Questions from the audience were varied and included issues such as affordable housing and parking.
"Hoboken has a need for more affordable housing, especially housing for families," said one woman. "Right now there aren't nearly enough two-, three- and four-bedroom units in the city."
The planners answered that the master plan advocates are creating a "quality housing" point system for new or rehabilitated housing. In this system, they said, the program would involve assigning points to developers toward tax benefits and zoning allowances for building additional affordable units, three-bedroom or larger, low-rise attached one-, two- or three-bedroom family units, and public open space.
Parking was also a topic of discussion. The planners said that the issue is a particularly difficult one to address because there is such disparity in opinions about how to deal with the problem. There were those in attendance who said there is not enough parking and that more garages should be built. But there were also those who said that the garages already built are half empty, so the city should further restrict on-street parking, which they believe would force people into the garages.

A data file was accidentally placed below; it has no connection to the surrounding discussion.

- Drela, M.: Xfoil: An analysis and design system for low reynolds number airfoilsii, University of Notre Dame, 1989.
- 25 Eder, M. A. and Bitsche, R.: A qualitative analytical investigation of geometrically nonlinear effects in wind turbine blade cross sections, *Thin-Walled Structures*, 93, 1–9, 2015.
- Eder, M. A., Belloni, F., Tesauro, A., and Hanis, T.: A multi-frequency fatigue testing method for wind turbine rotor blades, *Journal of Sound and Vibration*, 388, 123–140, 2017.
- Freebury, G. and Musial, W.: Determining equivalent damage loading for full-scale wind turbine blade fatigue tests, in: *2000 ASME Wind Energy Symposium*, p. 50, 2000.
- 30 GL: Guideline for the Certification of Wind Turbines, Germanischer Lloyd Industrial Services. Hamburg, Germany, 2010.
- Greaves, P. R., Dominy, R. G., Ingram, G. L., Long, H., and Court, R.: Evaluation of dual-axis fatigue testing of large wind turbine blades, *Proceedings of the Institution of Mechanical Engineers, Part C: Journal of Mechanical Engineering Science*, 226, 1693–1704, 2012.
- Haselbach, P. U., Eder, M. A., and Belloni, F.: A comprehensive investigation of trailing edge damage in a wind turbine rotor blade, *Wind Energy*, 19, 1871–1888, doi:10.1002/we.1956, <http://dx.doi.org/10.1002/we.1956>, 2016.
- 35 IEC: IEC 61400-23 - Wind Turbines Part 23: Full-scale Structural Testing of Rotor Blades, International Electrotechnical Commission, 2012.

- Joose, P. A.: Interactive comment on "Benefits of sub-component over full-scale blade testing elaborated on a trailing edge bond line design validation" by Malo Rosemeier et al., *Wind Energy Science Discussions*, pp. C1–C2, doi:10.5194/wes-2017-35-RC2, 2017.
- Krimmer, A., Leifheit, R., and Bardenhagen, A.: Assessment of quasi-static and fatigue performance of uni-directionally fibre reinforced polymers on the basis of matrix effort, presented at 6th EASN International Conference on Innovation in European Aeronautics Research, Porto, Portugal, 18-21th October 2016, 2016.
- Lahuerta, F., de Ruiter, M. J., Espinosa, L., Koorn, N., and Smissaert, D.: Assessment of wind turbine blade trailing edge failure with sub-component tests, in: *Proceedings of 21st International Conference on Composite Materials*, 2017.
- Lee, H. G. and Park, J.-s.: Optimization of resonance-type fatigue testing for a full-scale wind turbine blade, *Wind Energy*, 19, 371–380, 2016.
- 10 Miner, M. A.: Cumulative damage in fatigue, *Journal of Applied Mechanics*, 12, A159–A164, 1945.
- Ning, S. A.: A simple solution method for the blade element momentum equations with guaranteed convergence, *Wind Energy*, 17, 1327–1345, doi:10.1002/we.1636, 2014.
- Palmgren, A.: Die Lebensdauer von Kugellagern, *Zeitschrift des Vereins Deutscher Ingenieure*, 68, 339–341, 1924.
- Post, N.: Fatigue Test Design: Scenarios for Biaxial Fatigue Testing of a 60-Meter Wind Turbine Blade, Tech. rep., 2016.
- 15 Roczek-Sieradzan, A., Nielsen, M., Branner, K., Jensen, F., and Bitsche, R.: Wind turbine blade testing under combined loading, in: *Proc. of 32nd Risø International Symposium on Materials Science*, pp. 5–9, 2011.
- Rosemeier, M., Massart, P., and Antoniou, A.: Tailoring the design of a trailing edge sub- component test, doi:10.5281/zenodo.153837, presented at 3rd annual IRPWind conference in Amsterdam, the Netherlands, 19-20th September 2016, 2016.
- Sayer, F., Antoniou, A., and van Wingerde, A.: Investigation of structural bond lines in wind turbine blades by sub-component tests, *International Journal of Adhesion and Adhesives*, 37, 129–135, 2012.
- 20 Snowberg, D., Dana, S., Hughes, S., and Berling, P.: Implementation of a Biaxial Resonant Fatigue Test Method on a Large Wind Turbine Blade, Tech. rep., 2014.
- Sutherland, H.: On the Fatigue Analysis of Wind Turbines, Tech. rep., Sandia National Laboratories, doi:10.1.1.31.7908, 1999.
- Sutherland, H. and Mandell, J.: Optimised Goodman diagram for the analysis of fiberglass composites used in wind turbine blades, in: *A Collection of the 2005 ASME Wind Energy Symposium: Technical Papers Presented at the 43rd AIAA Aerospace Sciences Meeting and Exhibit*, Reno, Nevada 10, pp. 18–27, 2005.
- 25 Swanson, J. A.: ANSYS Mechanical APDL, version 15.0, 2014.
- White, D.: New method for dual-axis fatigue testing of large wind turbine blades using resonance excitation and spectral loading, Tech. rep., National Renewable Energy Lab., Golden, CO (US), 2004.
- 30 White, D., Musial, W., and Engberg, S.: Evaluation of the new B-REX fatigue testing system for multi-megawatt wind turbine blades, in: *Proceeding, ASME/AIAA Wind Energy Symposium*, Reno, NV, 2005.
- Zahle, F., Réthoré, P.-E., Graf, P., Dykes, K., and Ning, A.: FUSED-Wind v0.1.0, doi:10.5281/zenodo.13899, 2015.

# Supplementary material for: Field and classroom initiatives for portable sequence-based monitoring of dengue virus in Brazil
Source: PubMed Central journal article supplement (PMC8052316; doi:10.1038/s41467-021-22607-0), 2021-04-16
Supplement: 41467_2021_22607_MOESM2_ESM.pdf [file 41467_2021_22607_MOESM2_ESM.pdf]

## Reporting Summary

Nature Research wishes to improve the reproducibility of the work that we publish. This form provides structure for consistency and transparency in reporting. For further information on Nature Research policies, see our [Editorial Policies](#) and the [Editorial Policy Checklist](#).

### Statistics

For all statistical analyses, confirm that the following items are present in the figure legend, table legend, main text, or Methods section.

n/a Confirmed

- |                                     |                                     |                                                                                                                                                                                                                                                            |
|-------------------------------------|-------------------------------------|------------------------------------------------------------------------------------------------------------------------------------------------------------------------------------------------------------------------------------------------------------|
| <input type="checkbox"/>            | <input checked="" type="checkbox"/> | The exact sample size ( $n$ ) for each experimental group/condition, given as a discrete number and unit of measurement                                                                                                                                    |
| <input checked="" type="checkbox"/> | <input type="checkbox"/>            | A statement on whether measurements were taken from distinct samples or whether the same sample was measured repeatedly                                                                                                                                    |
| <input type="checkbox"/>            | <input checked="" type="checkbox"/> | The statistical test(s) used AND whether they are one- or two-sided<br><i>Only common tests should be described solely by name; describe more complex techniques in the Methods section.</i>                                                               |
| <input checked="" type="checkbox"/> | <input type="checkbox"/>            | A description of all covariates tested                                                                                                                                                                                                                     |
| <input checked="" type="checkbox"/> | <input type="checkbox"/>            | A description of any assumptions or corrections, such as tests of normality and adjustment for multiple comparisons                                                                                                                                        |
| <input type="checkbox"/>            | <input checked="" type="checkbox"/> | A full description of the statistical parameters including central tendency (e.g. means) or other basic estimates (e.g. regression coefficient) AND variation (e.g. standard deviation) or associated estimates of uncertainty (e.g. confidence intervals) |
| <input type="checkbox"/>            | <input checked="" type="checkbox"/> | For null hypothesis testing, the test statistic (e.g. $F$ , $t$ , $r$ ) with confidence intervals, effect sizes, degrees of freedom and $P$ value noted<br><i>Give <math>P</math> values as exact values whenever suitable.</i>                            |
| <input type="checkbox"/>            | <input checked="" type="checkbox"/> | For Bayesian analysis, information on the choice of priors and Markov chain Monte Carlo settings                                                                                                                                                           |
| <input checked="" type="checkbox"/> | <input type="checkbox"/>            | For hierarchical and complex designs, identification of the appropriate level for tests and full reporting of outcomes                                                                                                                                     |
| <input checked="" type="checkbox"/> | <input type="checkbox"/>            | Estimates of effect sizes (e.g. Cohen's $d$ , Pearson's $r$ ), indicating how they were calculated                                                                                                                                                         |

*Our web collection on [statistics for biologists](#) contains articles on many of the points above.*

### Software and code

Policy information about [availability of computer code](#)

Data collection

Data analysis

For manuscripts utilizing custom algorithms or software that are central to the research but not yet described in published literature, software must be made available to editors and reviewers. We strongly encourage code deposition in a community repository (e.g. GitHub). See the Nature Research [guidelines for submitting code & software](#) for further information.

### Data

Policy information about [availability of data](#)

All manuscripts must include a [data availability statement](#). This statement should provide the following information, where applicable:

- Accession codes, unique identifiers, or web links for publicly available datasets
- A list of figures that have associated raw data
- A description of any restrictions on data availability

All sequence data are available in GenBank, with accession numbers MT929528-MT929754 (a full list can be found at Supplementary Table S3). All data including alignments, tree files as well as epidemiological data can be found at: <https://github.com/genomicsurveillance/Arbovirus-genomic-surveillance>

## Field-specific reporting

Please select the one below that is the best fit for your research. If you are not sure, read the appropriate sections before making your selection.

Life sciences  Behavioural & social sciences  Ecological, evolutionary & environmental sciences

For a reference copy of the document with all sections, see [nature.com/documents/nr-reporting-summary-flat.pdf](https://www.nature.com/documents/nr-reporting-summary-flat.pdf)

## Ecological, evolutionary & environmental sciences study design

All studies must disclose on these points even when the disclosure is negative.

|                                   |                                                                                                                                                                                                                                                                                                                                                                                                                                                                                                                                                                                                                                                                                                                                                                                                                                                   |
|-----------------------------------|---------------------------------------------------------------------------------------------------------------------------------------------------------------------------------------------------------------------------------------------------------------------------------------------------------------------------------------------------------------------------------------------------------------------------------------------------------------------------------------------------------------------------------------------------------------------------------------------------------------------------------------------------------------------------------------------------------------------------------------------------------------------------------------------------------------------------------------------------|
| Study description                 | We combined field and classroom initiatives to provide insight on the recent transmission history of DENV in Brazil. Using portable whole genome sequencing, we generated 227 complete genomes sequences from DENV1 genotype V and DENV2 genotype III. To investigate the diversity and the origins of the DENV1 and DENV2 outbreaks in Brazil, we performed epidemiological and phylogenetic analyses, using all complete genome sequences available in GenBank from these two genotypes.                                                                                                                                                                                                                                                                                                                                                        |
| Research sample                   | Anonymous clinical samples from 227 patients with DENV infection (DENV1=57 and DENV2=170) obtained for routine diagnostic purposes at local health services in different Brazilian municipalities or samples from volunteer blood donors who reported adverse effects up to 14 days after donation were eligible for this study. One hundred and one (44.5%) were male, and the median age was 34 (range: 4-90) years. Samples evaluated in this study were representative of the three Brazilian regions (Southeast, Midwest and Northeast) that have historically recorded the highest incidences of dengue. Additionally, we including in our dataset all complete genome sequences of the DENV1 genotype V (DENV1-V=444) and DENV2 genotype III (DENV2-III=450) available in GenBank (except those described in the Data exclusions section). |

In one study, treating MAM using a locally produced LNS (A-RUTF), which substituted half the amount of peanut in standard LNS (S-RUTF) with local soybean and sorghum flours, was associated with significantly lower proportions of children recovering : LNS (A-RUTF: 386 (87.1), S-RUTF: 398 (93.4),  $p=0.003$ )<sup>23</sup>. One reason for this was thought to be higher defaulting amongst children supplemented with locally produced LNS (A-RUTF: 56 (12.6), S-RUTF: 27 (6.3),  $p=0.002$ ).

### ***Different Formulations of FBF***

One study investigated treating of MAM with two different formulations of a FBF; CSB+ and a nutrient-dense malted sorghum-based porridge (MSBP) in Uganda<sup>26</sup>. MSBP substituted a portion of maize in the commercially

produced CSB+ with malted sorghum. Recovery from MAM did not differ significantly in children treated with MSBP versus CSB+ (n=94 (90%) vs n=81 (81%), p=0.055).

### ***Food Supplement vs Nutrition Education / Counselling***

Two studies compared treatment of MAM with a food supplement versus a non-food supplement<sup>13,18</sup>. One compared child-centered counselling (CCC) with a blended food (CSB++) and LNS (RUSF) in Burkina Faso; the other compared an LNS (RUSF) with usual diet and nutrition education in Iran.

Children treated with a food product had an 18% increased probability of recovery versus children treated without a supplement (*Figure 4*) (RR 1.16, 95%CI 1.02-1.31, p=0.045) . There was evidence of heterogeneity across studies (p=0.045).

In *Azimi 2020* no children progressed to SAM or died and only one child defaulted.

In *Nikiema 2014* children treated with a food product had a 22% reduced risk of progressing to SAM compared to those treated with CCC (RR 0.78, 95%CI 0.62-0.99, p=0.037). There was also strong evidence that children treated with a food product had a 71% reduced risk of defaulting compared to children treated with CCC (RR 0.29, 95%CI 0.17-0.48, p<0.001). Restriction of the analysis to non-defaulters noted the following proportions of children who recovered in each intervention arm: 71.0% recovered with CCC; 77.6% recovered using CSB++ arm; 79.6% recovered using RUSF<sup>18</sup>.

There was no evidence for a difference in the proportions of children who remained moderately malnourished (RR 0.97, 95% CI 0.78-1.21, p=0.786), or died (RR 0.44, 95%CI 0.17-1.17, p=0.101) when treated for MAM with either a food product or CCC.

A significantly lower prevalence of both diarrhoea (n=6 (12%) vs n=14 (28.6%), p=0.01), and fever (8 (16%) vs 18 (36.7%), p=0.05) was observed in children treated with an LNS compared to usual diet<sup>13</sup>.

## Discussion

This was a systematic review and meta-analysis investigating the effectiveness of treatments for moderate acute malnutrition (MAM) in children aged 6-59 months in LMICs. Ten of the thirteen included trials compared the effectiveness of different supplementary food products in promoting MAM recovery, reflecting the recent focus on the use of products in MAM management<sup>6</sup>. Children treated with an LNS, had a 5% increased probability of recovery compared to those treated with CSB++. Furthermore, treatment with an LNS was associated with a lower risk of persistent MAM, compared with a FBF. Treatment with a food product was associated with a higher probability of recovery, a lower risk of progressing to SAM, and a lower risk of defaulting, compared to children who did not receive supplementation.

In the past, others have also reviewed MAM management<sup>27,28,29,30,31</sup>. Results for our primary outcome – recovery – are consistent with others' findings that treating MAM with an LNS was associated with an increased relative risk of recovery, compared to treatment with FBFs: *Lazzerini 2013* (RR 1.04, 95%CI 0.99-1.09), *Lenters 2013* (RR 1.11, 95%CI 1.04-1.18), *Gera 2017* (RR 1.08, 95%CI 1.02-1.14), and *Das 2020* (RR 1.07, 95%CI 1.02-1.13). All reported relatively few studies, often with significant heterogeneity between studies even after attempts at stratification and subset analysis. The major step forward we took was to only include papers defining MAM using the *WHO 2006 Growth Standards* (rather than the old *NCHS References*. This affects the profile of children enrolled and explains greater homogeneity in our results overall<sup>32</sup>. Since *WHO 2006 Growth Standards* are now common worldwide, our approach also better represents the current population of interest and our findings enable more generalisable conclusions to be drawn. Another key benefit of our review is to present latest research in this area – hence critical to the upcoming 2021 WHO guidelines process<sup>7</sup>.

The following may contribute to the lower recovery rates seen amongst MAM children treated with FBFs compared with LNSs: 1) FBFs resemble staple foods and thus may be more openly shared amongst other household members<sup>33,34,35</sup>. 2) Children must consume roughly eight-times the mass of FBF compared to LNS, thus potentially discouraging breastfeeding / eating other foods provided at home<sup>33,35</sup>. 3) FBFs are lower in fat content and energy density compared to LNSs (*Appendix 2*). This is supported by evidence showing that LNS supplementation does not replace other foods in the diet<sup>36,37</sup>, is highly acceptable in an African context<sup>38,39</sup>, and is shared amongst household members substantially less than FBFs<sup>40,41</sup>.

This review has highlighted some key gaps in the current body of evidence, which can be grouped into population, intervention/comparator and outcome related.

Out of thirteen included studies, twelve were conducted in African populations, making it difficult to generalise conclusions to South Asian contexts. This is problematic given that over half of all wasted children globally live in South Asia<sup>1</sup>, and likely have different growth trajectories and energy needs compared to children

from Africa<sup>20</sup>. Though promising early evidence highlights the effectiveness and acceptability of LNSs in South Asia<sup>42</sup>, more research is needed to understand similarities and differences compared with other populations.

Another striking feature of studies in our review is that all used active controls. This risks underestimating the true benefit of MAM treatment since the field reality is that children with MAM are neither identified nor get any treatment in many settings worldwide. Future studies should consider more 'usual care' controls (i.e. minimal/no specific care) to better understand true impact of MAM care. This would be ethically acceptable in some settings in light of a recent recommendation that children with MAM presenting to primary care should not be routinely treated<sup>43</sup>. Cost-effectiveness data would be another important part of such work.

The planners said that the discussion of parking should not be about "how many spaces" but should rather be about optimizing the value of every space the city does have.
"This plan seeks to create a reasonable amount of new parking spaces, particularly for residents," reads the plan. "But it also looks to better utilize existing parking resources by encouraging greater use of existing garages and harnessing the private sector to provide more parking spaces for use by the general public."
Other members of the public commented about historical preservation, economic development, and suggestions about proposed zoning guidelines such as building height and density.